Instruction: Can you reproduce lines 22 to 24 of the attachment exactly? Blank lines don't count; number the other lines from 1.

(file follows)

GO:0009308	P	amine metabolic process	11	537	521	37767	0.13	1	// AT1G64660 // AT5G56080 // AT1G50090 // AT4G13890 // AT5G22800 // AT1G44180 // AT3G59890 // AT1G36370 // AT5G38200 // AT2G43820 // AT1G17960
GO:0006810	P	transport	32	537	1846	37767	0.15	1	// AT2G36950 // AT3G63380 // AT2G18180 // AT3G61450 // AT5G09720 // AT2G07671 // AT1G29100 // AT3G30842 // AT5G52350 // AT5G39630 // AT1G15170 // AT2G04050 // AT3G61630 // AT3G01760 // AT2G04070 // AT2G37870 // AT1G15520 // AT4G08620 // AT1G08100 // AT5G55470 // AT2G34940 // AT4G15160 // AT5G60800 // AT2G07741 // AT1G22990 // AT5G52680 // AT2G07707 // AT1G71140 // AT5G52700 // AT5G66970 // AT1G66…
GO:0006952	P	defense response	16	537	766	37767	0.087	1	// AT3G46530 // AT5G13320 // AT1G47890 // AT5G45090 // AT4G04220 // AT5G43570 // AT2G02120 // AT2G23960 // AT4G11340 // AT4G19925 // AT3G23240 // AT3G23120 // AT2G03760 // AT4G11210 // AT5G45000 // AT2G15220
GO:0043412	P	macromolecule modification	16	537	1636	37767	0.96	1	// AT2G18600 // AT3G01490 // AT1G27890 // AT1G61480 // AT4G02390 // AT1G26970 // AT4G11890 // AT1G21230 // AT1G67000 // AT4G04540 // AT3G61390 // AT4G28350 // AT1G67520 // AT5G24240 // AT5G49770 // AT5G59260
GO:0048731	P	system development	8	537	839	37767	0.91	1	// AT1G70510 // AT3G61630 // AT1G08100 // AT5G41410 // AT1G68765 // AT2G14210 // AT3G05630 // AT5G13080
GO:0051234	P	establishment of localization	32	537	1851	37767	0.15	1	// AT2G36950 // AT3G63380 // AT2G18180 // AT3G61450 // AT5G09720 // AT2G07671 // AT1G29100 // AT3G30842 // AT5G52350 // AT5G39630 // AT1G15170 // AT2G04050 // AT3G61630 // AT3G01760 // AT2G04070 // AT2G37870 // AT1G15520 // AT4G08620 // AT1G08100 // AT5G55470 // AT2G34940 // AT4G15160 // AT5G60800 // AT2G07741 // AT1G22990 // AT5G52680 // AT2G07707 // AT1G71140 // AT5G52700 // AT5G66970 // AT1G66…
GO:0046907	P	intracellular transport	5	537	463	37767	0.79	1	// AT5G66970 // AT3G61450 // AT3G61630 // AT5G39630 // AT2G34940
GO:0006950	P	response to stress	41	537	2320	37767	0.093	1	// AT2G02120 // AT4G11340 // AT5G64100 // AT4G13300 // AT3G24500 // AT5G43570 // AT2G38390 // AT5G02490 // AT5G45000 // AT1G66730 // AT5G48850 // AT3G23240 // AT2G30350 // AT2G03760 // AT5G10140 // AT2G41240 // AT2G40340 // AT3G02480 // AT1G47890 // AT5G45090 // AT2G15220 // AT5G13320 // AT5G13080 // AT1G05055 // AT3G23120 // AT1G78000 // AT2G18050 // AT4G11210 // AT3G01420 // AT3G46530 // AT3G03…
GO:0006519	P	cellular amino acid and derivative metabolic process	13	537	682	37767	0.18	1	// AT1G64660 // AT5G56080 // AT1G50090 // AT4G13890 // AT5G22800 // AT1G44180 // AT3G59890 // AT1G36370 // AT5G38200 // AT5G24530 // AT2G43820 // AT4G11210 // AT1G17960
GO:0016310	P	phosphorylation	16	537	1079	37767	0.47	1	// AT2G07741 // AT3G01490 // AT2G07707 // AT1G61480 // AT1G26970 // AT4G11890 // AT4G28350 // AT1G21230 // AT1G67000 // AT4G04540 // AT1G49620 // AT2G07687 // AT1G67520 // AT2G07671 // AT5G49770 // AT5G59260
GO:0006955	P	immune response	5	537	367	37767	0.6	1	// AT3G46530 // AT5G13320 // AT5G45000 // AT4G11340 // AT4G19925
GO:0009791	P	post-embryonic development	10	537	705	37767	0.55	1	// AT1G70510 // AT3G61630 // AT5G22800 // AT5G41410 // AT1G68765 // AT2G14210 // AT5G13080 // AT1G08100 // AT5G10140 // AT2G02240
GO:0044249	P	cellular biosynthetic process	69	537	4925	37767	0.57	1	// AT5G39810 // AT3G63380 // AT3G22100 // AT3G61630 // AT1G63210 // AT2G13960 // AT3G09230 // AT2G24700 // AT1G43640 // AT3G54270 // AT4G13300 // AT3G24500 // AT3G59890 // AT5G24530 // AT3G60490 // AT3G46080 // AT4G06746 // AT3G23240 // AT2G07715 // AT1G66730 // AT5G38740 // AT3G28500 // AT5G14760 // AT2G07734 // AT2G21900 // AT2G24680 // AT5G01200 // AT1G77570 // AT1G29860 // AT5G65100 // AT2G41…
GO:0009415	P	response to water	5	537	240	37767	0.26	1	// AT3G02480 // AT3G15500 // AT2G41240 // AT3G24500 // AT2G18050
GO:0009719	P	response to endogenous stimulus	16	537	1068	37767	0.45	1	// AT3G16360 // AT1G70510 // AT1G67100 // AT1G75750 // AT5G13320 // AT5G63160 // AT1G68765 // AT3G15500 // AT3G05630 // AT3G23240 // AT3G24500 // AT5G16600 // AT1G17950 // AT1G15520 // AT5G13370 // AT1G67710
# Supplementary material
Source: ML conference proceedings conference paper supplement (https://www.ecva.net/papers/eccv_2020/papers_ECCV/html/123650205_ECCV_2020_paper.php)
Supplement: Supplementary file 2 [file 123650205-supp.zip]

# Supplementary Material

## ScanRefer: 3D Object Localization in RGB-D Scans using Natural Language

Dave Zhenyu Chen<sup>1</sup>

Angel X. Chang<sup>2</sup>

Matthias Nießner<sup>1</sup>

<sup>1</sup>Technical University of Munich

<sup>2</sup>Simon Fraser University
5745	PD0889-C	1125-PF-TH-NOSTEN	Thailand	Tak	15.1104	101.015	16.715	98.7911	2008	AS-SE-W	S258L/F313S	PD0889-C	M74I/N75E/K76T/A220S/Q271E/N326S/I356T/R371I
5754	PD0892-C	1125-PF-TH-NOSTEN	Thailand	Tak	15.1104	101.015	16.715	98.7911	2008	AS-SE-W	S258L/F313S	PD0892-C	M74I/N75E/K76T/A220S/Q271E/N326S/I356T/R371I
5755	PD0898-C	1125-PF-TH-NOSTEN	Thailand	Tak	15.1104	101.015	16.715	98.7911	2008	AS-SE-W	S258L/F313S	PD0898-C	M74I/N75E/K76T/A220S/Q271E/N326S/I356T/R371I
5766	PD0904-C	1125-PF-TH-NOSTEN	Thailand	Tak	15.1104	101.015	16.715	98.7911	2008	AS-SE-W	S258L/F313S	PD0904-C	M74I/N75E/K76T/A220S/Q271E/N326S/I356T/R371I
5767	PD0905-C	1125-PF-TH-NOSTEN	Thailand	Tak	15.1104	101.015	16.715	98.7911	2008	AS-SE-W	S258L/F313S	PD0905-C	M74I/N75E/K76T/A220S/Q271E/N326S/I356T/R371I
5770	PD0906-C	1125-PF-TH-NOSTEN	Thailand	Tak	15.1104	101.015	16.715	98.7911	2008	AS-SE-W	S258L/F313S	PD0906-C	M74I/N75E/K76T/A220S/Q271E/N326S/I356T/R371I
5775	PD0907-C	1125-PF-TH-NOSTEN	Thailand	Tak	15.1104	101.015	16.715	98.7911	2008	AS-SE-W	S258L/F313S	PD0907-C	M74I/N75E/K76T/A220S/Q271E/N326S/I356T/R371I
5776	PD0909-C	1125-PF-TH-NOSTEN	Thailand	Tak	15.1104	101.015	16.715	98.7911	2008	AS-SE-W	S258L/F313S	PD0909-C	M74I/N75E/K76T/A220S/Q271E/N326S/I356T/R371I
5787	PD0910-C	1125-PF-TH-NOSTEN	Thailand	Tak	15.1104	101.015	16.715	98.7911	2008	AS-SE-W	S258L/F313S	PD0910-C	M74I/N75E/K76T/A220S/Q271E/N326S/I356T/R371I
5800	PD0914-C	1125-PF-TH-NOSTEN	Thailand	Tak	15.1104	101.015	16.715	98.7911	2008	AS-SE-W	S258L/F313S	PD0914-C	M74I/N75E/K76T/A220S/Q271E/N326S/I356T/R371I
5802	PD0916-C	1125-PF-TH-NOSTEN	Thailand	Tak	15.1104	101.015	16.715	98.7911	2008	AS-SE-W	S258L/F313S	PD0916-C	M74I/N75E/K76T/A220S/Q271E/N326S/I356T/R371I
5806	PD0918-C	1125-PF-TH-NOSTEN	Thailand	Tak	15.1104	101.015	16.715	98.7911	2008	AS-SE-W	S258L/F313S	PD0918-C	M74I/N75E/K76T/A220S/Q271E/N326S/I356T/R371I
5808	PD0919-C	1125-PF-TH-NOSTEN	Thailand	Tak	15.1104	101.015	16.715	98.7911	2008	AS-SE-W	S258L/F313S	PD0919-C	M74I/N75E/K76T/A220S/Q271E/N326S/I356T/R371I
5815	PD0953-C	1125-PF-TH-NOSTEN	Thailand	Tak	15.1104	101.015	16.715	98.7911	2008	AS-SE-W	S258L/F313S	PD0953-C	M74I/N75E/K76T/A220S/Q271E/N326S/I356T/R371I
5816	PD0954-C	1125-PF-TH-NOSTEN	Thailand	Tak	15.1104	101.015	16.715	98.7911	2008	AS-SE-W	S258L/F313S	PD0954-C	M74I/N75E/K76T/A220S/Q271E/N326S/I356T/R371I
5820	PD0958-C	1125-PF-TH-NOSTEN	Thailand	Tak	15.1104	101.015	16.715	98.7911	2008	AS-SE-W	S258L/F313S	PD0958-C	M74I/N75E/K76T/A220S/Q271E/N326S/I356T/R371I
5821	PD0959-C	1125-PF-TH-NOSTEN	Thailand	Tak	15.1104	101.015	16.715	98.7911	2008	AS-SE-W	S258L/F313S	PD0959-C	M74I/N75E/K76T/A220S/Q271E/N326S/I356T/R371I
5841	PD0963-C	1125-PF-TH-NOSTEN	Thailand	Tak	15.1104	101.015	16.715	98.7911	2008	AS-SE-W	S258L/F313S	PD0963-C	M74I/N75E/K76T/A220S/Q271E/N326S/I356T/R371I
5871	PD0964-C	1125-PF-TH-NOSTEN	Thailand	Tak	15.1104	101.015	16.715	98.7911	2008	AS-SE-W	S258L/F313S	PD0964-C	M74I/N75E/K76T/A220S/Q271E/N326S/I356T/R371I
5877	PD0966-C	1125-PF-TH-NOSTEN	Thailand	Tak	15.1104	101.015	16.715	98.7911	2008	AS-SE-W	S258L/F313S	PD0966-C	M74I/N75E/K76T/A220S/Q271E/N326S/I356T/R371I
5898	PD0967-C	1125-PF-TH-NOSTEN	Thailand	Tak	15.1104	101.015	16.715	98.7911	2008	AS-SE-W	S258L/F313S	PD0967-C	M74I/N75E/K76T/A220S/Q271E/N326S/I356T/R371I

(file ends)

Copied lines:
Angel X. Chang<sup>2</sup>

Matthias Nießner<sup>1</sup>

<sup>1</sup>Technical University of Munich